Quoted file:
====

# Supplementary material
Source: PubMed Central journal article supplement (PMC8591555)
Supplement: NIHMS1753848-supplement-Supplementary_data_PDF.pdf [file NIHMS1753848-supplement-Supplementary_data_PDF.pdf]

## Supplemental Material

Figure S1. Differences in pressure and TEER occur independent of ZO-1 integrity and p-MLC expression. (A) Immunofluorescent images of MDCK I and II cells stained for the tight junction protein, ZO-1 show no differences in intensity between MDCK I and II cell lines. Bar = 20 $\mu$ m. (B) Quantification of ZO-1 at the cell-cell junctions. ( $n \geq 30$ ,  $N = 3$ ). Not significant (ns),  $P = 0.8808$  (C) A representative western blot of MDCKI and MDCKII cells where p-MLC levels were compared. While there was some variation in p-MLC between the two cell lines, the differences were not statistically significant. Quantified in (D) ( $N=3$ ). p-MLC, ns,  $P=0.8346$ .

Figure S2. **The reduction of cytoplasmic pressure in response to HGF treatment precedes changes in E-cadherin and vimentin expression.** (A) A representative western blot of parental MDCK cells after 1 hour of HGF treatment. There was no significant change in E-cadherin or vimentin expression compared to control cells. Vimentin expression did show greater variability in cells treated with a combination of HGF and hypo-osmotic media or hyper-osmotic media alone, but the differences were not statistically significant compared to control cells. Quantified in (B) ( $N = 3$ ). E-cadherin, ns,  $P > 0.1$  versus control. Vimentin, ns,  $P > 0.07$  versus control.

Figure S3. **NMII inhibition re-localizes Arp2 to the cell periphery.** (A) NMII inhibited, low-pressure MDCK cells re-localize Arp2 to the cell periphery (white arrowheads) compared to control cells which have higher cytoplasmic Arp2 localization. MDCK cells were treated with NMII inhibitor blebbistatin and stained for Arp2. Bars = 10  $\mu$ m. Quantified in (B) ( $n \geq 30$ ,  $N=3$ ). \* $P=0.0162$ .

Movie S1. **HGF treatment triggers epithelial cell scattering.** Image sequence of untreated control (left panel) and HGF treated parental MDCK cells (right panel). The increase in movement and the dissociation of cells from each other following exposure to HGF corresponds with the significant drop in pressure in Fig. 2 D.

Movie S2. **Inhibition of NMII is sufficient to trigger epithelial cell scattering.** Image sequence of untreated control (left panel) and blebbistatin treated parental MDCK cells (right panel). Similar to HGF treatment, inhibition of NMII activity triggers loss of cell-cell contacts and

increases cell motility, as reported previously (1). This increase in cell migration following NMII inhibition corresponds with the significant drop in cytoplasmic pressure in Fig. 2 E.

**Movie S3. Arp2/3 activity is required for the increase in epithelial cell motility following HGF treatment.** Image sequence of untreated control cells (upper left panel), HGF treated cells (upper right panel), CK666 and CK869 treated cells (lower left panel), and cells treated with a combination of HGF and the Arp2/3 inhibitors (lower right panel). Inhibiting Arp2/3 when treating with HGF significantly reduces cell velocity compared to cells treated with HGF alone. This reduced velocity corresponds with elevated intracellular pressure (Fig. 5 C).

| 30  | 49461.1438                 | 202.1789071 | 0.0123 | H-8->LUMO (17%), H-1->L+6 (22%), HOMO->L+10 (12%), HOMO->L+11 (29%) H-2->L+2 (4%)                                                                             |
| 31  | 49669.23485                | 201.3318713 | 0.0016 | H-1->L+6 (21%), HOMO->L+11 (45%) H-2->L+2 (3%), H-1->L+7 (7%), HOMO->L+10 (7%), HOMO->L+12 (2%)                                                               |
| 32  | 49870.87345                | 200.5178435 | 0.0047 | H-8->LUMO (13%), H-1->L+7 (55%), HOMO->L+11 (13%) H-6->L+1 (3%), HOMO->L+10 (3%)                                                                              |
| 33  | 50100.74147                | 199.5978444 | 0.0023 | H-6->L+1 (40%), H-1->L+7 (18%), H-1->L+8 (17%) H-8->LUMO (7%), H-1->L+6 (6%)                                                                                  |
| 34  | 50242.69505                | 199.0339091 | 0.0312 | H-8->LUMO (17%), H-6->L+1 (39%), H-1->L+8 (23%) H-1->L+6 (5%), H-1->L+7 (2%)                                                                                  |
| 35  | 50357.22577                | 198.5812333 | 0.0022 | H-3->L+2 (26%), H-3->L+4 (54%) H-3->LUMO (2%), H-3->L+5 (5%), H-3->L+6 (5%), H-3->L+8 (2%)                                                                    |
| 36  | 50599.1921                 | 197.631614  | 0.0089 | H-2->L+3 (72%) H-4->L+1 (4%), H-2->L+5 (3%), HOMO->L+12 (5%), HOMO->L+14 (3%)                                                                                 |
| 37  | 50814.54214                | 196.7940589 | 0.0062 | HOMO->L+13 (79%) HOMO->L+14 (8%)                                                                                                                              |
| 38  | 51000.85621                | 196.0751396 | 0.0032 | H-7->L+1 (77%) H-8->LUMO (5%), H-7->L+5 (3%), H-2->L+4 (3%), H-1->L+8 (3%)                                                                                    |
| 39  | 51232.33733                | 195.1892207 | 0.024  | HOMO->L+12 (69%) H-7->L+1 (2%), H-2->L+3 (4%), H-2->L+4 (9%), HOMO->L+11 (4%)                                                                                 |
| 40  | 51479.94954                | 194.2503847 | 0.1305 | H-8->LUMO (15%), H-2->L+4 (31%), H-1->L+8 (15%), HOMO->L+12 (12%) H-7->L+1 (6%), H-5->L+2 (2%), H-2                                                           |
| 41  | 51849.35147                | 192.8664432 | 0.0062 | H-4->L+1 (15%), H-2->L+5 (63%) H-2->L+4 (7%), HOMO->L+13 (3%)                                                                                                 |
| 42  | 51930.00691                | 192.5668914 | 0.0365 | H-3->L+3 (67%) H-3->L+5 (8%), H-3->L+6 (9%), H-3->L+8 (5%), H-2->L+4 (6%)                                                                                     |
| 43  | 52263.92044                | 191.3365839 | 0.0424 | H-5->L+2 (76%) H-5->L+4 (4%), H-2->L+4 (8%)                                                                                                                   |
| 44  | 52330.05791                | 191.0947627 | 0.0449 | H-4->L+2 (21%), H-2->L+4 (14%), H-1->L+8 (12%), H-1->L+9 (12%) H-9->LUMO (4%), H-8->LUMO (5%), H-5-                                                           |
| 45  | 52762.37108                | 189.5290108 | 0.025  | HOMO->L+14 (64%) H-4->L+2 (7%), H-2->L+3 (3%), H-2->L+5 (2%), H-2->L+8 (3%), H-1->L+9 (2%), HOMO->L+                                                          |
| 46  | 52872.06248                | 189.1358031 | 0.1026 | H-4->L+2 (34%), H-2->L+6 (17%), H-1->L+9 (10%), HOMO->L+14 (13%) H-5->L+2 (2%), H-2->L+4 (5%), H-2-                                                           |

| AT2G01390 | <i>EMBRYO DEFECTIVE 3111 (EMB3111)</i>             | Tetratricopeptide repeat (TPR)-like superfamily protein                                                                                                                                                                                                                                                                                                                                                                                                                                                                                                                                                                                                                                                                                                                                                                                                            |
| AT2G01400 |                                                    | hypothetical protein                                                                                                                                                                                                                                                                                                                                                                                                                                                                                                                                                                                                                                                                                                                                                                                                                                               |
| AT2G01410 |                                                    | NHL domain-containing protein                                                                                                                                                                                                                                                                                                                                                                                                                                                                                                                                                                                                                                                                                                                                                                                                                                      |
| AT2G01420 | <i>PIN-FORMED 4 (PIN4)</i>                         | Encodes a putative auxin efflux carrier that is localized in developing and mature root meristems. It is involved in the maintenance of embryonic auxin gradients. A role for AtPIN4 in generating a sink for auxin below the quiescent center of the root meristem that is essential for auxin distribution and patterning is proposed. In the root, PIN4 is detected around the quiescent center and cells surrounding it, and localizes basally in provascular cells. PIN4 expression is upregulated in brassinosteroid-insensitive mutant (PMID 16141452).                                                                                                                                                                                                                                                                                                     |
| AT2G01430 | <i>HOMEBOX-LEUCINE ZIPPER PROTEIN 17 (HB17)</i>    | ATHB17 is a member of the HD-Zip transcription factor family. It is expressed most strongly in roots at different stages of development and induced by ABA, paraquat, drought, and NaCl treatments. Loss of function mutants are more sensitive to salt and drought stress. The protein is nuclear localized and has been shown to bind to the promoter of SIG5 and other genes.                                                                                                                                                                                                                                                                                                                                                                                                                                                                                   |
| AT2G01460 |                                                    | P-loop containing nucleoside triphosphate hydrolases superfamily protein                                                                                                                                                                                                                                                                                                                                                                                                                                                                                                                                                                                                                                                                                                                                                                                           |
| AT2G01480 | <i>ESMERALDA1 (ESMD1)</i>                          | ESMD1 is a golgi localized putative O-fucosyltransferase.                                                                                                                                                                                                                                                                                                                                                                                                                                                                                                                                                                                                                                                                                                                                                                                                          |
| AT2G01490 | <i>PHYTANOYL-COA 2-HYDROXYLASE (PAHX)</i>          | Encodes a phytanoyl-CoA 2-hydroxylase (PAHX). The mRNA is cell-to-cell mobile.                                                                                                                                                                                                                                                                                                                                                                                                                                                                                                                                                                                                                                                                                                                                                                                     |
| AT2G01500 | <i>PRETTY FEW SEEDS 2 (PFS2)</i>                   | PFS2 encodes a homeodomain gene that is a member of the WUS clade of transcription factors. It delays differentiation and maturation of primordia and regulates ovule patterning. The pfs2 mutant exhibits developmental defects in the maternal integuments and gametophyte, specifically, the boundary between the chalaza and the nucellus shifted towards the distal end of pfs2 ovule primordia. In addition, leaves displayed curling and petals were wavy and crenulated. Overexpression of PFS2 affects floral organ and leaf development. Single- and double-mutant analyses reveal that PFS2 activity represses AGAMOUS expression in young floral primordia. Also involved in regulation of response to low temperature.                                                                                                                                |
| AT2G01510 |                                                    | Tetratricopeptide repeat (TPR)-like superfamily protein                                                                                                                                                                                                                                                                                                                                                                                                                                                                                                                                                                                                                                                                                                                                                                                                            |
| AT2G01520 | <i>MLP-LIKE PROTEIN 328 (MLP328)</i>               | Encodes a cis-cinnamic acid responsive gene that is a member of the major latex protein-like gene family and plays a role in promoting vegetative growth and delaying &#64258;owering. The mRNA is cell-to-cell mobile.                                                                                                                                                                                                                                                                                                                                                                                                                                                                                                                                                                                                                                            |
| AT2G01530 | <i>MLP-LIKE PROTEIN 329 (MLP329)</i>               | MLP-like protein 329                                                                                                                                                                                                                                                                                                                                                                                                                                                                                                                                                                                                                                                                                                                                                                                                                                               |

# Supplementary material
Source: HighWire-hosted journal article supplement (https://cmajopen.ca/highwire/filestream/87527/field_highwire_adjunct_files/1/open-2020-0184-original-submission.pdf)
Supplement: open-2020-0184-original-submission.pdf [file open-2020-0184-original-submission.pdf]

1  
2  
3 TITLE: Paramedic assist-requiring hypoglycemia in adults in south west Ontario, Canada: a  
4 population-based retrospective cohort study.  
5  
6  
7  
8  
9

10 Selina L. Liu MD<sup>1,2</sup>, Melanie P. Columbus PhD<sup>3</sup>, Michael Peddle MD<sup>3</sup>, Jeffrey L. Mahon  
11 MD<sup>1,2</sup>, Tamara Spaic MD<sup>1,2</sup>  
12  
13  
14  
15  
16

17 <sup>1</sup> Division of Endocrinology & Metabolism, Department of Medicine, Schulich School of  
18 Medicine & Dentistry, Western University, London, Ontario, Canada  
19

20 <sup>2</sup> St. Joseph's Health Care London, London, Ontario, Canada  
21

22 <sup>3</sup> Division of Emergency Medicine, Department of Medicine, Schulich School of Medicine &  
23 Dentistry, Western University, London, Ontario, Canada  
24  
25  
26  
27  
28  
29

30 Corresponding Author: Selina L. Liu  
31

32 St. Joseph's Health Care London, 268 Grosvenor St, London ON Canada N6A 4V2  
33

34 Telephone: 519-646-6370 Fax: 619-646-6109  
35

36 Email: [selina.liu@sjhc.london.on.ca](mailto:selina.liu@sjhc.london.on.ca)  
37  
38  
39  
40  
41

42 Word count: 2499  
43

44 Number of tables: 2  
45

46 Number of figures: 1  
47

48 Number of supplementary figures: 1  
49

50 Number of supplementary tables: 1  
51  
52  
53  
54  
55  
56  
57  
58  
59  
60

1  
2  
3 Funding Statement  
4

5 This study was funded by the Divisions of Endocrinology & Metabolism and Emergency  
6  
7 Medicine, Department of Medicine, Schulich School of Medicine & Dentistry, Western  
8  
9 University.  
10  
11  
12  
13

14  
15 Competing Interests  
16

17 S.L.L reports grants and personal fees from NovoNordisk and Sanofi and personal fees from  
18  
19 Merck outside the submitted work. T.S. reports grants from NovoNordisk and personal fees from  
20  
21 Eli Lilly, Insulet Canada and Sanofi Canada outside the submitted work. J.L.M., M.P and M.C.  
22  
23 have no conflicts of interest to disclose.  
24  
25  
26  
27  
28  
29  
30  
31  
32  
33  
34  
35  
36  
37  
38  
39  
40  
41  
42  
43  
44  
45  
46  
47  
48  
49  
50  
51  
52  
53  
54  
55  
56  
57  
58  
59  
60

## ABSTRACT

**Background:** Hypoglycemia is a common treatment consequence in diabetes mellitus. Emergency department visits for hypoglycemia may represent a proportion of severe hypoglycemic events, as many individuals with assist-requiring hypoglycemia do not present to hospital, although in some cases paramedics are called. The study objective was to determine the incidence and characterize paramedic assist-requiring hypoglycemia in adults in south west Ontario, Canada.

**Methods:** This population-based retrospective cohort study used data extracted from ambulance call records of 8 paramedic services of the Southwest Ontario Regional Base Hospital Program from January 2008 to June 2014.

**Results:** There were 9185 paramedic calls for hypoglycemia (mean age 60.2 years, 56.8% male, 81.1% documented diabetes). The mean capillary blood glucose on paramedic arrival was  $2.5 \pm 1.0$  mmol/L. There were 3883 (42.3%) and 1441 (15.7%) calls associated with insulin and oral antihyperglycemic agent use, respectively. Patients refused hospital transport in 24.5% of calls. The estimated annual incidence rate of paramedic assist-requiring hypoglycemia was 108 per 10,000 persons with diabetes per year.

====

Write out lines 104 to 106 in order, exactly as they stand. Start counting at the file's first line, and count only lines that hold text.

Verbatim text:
1  
2  
3 Funding Statement  